Police force Kosovo villagers to bury massacre victims

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The Independent Online
ALBANIAN villagers in Kosovo were last night forced to bury nearly 50 relatives killed by the Serbs in a rude rebuff of their demands - backed by the United States - for full identification and autopsy procedures, writes Andrew Gumbel.

According to an eye-witness, the ceremony in Prekaz took place under the gaze of police and firemen who stood ready to carry out the burials themselves if the villagers refused.

The funeral occurred minutes after the US special envoy, Robert Gelbard, left Kosovo. He had demanded an examination of the bodies by foreign forensic experts led by the Red Cross as well as full access by journalists, diplomats and international organisations to Drenica, the rural area west of the capital, Pristina, where the fighting has taken place.

At least 20 of the bodies were buried without being identified. Some were burned beyond recognition and others could not be claimed by next of kin because entire families, including women, children and old people, had been wiped out. For fear of being arrested or shot by armed police, surviving members of the Jashari family, the focus of the Serb onslaught in Prekaz, did not visit the bodies, which were kept in a shed in a neighbouring village.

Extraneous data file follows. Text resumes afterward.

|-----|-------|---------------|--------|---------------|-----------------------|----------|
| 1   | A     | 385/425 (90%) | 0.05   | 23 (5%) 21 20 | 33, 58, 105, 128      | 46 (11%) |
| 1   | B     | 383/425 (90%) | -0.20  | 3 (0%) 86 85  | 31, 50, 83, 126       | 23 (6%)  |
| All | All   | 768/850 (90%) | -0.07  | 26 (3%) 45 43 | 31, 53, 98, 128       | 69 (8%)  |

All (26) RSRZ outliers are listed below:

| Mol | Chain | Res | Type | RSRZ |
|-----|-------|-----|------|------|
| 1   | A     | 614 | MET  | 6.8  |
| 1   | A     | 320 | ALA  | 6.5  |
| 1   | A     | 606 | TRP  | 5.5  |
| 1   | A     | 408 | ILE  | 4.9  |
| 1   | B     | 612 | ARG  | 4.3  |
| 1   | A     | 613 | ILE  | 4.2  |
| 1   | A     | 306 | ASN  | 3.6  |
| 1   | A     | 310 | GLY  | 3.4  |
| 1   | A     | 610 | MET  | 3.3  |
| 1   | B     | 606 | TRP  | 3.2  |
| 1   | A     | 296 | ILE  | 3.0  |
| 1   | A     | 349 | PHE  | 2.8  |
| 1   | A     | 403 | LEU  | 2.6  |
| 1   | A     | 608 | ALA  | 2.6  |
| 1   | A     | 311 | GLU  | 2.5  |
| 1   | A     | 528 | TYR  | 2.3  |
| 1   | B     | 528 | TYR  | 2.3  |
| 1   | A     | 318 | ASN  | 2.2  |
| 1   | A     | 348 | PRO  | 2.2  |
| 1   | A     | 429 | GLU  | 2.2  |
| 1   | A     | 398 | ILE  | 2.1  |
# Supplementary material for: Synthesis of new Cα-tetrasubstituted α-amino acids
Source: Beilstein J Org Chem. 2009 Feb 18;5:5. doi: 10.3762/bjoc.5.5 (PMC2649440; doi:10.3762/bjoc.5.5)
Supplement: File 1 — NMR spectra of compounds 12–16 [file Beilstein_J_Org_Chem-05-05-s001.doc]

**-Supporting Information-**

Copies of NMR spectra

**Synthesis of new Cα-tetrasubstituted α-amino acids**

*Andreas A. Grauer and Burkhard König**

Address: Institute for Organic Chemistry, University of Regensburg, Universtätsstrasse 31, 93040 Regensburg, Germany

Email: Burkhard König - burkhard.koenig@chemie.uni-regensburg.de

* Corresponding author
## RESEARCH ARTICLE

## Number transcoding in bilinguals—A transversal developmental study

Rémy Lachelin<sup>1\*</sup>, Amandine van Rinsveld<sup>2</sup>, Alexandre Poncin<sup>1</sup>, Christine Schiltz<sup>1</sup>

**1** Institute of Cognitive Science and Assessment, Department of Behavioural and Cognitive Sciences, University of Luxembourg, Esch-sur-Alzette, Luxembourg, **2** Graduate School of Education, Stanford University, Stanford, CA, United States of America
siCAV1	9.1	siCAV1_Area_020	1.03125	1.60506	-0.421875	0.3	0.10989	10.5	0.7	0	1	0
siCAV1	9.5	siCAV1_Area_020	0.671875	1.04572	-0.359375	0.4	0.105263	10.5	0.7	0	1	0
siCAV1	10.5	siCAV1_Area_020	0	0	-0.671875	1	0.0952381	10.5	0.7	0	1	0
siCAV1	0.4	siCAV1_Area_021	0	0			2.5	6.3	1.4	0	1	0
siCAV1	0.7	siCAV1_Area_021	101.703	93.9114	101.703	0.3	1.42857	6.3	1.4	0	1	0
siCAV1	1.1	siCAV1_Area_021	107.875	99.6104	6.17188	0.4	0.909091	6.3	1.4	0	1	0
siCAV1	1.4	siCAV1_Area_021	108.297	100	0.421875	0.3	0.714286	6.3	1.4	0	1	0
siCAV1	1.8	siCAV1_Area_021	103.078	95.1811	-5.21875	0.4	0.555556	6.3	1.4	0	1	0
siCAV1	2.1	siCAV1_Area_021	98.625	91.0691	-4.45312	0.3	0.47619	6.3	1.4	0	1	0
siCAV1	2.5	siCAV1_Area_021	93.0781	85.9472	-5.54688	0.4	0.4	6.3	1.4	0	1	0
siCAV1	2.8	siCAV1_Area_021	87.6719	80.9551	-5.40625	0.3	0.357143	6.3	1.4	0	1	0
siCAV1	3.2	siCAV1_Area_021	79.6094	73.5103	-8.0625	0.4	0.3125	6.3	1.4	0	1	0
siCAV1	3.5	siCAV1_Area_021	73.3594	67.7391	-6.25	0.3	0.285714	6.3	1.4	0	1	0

All day, Albanian doctors and priests and international aid groups tried to reach the area, only to be turned back at police checkpoints. Only a Red Cross truck loaded with coffins was allowed through.

The funeral was a direct provocation aimed at Mr Gelbard, who also called for a full investigation into more than 80 killings in Drenica over the past 10 days and raised the possibility of a war crimes trial.

He met local officials in Pristina yesterday following talks in Belgrade with the man the West holds responsible for the killing, Yugoslav president Slobodan Milosevic. Mr Gelbard described the violence by Serbian forces as "brutal, disproportionate and overwhelming".

Some television cameras and press photographers reached Srbica using backwoods tracks, and were allowed to take pictures of the bodies, some of which had been attacked by wild dogs.